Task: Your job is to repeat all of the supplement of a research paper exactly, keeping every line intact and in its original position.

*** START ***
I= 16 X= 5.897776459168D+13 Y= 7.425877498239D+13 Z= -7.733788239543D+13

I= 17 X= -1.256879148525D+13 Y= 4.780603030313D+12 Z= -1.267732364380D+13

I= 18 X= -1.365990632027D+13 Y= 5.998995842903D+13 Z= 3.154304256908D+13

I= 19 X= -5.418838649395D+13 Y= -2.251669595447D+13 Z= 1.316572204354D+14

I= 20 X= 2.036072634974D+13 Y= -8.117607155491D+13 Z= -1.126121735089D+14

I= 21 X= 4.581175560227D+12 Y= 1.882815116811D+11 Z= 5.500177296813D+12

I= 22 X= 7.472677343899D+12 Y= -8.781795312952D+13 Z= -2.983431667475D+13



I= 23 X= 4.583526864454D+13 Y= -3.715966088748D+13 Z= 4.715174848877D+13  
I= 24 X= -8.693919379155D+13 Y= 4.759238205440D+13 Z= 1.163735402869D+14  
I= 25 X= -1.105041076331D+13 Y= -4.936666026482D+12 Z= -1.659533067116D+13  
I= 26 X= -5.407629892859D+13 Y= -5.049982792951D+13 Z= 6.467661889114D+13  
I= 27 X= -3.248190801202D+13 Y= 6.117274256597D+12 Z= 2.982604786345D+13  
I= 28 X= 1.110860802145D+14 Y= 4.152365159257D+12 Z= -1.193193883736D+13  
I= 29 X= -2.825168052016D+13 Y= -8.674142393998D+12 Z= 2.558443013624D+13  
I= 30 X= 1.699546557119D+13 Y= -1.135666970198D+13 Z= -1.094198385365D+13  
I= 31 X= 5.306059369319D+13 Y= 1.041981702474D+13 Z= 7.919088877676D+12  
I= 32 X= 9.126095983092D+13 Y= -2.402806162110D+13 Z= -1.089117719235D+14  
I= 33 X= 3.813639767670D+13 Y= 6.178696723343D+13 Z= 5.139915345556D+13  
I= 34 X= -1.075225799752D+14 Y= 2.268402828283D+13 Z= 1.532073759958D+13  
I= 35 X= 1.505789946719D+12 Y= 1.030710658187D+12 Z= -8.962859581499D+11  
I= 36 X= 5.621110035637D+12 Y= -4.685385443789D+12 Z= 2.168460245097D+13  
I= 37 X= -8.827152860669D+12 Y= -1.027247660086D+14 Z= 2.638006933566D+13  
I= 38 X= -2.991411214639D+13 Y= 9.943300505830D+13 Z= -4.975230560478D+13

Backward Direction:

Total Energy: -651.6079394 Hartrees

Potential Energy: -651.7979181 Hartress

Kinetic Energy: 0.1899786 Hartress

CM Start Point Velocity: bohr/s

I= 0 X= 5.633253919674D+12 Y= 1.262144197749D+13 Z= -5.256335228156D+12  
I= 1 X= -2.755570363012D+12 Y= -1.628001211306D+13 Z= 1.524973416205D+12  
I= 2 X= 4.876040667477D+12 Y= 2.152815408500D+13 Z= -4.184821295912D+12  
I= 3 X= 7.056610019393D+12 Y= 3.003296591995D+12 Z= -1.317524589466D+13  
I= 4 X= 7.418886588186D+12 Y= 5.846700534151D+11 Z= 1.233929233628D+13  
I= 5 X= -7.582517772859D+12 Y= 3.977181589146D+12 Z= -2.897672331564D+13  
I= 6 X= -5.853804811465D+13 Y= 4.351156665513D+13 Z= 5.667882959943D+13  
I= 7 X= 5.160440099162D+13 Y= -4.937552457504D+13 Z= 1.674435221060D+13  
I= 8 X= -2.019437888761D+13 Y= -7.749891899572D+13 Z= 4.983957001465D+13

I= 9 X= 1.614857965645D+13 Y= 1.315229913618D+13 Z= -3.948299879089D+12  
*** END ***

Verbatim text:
I= 16 X= 5.897776459168D+13 Y= 7.425877498239D+13 Z= -7.733788239543D+13

I= 17 X= -1.256879148525D+13 Y= 4.780603030313D+12 Z= -1.267732364380D+13

I= 18 X= -1.365990632027D+13 Y= 5.998995842903D+13 Z= 3.154304256908D+13

I= 19 X= -5.418838649395D+13 Y= -2.251669595447D+13 Z= 1.316572204354D+14

I= 20 X= 2.036072634974D+13 Y= -8.117607155491D+13 Z= -1.126121735089D+14

I= 21 X= 4.581175560227D+12 Y= 1.882815116811D+11 Z= 5.500177296813D+12

I= 22 X= 7.472677343899D+12 Y= -8.781795312952D+13 Z= -2.983431667475D+13



I= 23 X= 4.583526864454D+13 Y= -3.715966088748D+13 Z= 4.715174848877D+13  
I= 24 X= -8.693919379155D+13 Y= 4.759238205440D+13 Z= 1.163735402869D+14  
I= 25 X= -1.105041076331D+13 Y= -4.936666026482D+12 Z= -1.659533067116D+13  
I= 26 X= -5.407629892859D+13 Y= -5.049982792951D+13 Z= 6.467661889114D+13  
I= 27 X= -3.248190801202D+13 Y= 6.117274256597D+12 Z= 2.982604786345D+13  
I= 28 X= 1.110860802145D+14 Y= 4.152365159257D+12 Z= -1.193193883736D+13  
I= 29 X= -2.825168052016D+13 Y= -8.674142393998D+12 Z= 2.558443013624D+13  
I= 30 X= 1.699546557119D+13 Y= -1.135666970198D+13 Z= -1.094198385365D+13  
I= 31 X= 5.306059369319D+13 Y= 1.041981702474D+13 Z= 7.919088877676D+12  
I= 32 X= 9.126095983092D+13 Y= -2.402806162110D+13 Z= -1.089117719235D+14  
I= 33 X= 3.813639767670D+13 Y= 6.178696723343D+13 Z= 5.139915345556D+13  
I= 34 X= -1.075225799752D+14 Y= 2.268402828283D+13 Z= 1.532073759958D+13  
I= 35 X= 1.505789946719D+12 Y= 1.030710658187D+12 Z= -8.962859581499D+11  
I= 36 X= 5.621110035637D+12 Y= -4.685385443789D+12 Z= 2.168460245097D+13  
I= 37 X= -8.827152860669D+12 Y= -1.027247660086D+14 Z= 2.638006933566D+13  
I= 38 X= -2.991411214639D+13 Y= 9.943300505830D+13 Z= -4.975230560478D+13

Backward Direction:

Total Energy: -651.6079394 Hartrees

Potential Energy: -651.7979181 Hartress

Kinetic Energy: 0.1899786 Hartress

CM Start Point Velocity: bohr/s

I= 0 X= 5.633253919674D+12 Y= 1.262144197749D+13 Z= -5.256335228156D+12  
I= 1 X= -2.755570363012D+12 Y= -1.628001211306D+13 Z= 1.524973416205D+12  
I= 2 X= 4.876040667477D+12 Y= 2.152815408500D+13 Z= -4.184821295912D+12  
I= 3 X= 7.056610019393D+12 Y= 3.003296591995D+12 Z= -1.317524589466D+13  
I= 4 X= 7.418886588186D+12 Y= 5.846700534151D+11 Z= 1.233929233628D+13  
I= 5 X= -7.582517772859D+12 Y= 3.977181589146D+12 Z= -2.897672331564D+13  
I= 6 X= -5.853804811465D+13 Y= 4.351156665513D+13 Z= 5.667882959943D+13  
I= 7 X= 5.160440099162D+13 Y= -4.937552457504D+13 Z= 1.674435221060D+13  
I= 8 X= -2.019437888761D+13 Y= -7.749891899572D+13 Z= 4.983957001465D+13

I= 9 X= 1.614857965645D+13 Y= 1.315229913618D+13 Z= -3.948299879089D+12  